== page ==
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I understand almost everything until I get to the third line. If one multiplies the top and bottom by 1/x, where did the x^2 come from? Can someone explain.enter image description here

If you can't explain it simply, you don't understand it well enough. Albert Einstein

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    $\begingroup$ Irrelevant to the question, but that Einstein Quote is falsely attributed to him. $\endgroup$ – UserX Oct 12 '14 at 16:40
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I assume that you mean the $x^2$ denominators inside the square root. To "put the $x$ into" the square root, you must square it. For example:

$$\frac13\sqrt5=\sqrt{\frac59}$$

This is why the $x$ is squared.

By the way. Although your question has to be with a limit, it is not a limit question. This is algebra.

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  • $\begingroup$ Can you show me another way. I still do not understand. $\endgroup$ – user137452 Oct 12 '14 at 16:41
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Because he puts the (1/x) in the root, so 1/x=root(1/x^2). See it?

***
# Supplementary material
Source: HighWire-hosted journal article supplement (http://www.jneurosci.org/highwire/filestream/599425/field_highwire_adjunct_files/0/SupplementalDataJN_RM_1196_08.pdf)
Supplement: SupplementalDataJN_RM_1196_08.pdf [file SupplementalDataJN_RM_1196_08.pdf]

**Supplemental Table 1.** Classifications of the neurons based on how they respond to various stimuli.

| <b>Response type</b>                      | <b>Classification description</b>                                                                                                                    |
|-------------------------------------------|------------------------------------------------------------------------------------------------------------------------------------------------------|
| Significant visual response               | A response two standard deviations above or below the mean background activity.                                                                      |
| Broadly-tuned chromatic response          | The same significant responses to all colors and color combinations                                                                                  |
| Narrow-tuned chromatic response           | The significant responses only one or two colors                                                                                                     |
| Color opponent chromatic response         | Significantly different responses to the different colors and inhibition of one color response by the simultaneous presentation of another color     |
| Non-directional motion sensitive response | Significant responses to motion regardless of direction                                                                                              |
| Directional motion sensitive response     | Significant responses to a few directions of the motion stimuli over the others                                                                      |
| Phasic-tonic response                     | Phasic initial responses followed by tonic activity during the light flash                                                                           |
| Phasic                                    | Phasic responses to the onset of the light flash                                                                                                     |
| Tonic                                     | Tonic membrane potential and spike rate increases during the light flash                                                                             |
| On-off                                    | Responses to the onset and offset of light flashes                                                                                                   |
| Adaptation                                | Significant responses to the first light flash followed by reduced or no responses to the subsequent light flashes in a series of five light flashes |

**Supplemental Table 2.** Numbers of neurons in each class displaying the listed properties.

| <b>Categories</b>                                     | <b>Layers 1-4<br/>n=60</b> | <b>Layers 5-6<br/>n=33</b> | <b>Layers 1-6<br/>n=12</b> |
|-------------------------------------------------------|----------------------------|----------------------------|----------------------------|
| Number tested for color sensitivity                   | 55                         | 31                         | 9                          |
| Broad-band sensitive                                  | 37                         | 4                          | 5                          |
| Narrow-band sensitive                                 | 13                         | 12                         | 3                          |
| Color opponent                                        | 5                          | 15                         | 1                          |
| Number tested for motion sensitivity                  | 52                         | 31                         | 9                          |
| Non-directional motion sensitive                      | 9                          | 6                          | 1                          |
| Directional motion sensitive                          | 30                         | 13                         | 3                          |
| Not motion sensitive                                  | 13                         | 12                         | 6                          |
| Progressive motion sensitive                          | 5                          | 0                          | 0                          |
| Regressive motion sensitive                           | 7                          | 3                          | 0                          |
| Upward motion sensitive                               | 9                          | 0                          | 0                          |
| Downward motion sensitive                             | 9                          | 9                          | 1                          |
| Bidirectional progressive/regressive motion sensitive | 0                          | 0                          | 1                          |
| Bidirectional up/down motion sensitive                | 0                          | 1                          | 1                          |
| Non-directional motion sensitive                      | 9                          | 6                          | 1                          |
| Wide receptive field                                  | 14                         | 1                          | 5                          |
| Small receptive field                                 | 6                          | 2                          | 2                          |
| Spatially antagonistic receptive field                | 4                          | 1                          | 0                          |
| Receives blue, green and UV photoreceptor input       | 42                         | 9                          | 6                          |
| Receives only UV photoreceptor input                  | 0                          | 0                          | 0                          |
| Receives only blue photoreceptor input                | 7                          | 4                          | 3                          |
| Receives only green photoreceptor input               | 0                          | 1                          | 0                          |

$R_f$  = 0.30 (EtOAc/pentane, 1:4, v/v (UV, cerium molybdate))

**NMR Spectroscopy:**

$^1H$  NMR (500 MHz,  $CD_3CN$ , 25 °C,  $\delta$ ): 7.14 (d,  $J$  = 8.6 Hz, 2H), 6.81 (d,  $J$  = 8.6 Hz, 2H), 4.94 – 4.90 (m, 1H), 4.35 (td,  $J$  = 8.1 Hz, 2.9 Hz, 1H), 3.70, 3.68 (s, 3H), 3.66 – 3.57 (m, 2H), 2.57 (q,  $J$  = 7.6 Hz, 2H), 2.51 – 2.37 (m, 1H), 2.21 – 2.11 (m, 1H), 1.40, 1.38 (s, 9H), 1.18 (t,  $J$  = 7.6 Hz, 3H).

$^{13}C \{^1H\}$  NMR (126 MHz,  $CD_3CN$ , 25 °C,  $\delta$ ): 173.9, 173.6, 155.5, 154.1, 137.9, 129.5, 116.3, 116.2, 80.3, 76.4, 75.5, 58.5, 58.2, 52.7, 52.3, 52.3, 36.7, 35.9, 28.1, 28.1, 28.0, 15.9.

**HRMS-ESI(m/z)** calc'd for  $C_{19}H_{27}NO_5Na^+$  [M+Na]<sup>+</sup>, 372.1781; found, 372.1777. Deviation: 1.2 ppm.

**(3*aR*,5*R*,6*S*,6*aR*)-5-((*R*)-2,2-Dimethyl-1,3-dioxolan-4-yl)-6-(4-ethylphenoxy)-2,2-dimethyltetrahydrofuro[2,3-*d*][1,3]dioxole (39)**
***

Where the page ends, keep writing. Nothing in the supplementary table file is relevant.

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  • $\begingroup$ What law of real number is this? $\endgroup$ – user137452 Oct 12 '14 at 16:44
  • $\begingroup$ If x is assumed positive, and you call y=root(1/x)=1/root(x), by definition you have: y^2=x $\endgroup$ – mvggz Oct 12 '14 at 16:48
  • $\begingroup$ @user137452 It follows from the rules $(a^b)^c = a^{bc}$ and $x^a y^a = (xy)^a$. You go from $x^{-1} x^{1/2}$ to $(x^{-2})^{1/2} x^{1/2}$ with the first rule. Then you go to $(x^{-1})^{1/2}$ with the second rule and simplification. $\endgroup$ – Ian Oct 12 '14 at 16:54
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$$\frac{\sqrt{81x^2+x}}x=\frac{\sqrt{81x^2+x}}{\sqrt{x^2}}=\sqrt{\frac{81x^2+x}{x^2}}=\sqrt{81\frac{x^2}{x^2}+\frac x{x^2}}=\sqrt{81+\frac1x}$$

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